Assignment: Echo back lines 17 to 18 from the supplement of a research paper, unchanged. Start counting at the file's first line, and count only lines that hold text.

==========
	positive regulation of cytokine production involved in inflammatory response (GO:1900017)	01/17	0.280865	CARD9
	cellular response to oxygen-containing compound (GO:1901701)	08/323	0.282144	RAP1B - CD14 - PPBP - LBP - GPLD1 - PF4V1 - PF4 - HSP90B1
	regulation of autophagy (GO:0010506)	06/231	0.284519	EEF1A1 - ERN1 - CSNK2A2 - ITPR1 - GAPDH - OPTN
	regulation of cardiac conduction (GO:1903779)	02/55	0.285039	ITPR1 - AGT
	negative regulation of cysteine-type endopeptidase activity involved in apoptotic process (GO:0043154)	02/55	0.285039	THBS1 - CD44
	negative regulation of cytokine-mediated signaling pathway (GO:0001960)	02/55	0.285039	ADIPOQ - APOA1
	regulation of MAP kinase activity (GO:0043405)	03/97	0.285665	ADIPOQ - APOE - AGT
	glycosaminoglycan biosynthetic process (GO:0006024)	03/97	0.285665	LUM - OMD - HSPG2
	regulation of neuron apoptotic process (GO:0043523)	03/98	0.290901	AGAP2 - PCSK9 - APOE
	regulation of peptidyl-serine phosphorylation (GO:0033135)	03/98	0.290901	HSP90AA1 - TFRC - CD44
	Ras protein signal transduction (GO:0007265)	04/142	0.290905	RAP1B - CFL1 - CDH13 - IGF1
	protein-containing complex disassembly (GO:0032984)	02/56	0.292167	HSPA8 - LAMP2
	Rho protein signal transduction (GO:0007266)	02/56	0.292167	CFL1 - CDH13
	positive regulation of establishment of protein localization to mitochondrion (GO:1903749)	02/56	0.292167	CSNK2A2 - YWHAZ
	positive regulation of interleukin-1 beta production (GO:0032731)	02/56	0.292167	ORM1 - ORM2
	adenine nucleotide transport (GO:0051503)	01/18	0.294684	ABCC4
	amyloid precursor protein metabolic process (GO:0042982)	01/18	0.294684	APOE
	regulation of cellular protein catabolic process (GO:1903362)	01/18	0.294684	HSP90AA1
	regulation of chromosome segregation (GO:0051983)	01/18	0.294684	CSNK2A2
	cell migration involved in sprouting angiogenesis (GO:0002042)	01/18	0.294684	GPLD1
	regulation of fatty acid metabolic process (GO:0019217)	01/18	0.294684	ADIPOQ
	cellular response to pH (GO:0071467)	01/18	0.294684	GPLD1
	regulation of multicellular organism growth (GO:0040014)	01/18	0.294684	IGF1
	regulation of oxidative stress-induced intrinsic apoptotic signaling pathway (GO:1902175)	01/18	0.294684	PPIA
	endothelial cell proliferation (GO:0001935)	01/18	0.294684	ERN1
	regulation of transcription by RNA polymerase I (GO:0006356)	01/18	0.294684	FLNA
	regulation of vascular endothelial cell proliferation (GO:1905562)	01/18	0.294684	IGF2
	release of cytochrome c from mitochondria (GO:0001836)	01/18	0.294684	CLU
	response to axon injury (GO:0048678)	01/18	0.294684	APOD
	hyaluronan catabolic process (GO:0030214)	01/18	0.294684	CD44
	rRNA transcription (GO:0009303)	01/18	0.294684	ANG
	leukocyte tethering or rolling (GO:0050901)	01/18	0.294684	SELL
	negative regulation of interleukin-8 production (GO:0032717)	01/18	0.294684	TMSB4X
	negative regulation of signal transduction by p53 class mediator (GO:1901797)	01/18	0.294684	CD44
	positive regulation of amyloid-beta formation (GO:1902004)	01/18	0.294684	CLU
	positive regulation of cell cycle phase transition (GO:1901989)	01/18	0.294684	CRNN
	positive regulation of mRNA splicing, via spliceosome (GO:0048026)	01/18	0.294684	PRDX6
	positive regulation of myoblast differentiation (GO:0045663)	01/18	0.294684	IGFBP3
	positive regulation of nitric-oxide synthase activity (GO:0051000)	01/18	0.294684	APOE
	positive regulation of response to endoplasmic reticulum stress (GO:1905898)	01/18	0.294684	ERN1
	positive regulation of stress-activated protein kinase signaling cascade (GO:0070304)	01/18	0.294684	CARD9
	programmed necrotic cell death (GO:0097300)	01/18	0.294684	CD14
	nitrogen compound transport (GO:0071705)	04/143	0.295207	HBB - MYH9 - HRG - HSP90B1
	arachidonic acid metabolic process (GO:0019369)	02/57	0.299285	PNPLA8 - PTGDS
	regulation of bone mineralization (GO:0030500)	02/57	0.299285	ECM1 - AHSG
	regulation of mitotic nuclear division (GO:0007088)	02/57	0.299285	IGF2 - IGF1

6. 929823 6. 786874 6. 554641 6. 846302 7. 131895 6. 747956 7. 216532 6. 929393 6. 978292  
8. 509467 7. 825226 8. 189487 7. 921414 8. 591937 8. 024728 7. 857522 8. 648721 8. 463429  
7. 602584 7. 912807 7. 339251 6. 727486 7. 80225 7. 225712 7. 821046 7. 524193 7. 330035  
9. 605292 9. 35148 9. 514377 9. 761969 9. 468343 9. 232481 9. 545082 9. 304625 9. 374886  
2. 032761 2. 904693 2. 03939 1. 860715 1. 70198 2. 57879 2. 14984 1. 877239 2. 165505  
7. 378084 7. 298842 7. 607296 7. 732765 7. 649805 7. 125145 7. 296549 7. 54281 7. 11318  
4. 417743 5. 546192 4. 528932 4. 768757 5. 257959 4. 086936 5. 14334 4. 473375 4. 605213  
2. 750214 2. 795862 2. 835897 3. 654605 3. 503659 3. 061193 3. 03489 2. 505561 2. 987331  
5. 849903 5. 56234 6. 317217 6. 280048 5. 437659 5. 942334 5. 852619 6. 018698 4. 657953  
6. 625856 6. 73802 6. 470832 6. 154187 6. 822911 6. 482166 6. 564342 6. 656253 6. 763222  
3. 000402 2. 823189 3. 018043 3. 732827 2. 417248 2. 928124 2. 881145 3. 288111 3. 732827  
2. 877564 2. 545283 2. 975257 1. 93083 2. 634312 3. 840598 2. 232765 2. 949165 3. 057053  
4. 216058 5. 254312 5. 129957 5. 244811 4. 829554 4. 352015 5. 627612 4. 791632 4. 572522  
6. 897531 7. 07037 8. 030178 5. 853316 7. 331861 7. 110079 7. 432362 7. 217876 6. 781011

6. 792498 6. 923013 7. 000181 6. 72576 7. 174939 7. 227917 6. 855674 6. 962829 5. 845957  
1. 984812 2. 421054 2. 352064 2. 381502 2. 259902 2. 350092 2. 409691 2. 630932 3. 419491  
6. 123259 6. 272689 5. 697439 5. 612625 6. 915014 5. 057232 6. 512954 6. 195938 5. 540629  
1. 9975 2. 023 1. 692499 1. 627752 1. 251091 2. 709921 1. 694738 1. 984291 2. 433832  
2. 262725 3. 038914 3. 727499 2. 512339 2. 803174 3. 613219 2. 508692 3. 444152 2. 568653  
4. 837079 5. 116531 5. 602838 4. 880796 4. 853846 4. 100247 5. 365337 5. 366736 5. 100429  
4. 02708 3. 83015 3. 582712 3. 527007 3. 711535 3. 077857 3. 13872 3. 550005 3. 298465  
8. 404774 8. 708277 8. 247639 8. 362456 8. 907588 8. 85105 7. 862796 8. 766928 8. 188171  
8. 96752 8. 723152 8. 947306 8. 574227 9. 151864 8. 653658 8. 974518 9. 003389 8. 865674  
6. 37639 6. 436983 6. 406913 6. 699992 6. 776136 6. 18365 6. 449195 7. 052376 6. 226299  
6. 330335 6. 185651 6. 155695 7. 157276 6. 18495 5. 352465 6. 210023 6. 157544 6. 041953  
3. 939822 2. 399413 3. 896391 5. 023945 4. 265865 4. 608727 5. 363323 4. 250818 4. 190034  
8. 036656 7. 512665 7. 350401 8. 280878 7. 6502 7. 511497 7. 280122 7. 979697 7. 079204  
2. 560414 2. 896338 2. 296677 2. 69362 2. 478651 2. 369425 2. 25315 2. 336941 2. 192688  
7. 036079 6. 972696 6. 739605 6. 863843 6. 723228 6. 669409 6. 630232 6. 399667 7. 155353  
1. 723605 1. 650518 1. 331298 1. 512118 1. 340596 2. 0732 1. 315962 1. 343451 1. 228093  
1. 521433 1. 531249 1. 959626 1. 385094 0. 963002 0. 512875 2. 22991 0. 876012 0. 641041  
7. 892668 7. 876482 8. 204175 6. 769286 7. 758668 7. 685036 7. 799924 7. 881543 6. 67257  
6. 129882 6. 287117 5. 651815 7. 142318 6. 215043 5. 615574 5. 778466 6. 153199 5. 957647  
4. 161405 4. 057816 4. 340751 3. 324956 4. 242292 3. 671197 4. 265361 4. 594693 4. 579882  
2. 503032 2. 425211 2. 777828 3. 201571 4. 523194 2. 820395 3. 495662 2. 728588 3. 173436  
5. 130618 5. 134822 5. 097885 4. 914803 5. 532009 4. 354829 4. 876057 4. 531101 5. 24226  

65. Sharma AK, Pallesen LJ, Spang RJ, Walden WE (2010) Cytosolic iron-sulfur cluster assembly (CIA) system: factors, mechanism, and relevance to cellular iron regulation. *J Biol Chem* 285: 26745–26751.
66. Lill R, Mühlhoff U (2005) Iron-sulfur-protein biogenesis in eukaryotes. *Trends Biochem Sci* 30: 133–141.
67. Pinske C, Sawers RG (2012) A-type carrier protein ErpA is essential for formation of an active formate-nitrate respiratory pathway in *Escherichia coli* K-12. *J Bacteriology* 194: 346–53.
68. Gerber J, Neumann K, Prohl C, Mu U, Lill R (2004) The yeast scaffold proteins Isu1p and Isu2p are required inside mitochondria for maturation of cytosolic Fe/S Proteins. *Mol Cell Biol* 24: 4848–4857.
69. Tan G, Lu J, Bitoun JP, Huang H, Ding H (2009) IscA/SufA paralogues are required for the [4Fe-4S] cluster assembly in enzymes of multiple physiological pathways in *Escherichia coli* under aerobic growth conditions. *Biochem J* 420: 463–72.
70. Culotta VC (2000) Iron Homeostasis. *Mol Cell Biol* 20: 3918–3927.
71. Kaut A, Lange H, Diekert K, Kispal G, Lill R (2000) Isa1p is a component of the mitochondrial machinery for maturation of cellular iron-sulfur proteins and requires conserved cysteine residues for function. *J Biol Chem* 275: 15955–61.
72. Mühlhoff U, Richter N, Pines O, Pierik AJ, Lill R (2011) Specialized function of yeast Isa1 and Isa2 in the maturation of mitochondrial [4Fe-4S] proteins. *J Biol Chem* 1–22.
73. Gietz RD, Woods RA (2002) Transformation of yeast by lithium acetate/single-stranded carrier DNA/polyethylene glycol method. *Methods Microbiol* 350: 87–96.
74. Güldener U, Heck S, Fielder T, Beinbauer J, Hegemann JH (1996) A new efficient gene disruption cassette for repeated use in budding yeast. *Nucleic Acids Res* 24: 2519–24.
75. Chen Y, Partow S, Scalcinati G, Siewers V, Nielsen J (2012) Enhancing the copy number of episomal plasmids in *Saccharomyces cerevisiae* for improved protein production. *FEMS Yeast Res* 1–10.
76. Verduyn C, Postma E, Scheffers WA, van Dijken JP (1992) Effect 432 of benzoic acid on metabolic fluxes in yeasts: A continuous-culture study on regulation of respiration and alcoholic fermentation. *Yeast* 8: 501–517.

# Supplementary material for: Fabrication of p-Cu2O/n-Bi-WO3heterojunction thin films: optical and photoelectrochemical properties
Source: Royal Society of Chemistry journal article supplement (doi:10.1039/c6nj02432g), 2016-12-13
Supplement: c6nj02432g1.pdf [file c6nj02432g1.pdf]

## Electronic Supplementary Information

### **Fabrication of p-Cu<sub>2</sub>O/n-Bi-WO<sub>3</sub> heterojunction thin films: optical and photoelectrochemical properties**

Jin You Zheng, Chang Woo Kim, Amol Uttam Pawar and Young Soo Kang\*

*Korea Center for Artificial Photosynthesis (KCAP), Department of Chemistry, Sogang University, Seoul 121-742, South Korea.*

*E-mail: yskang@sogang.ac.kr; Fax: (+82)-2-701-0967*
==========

	amyloid precursor protein metabolic process (GO:0042982)	01/18	0.294684	APOE
	regulation of cellular protein catabolic process (GO:1903362)	01/18	0.294684	HSP90AA1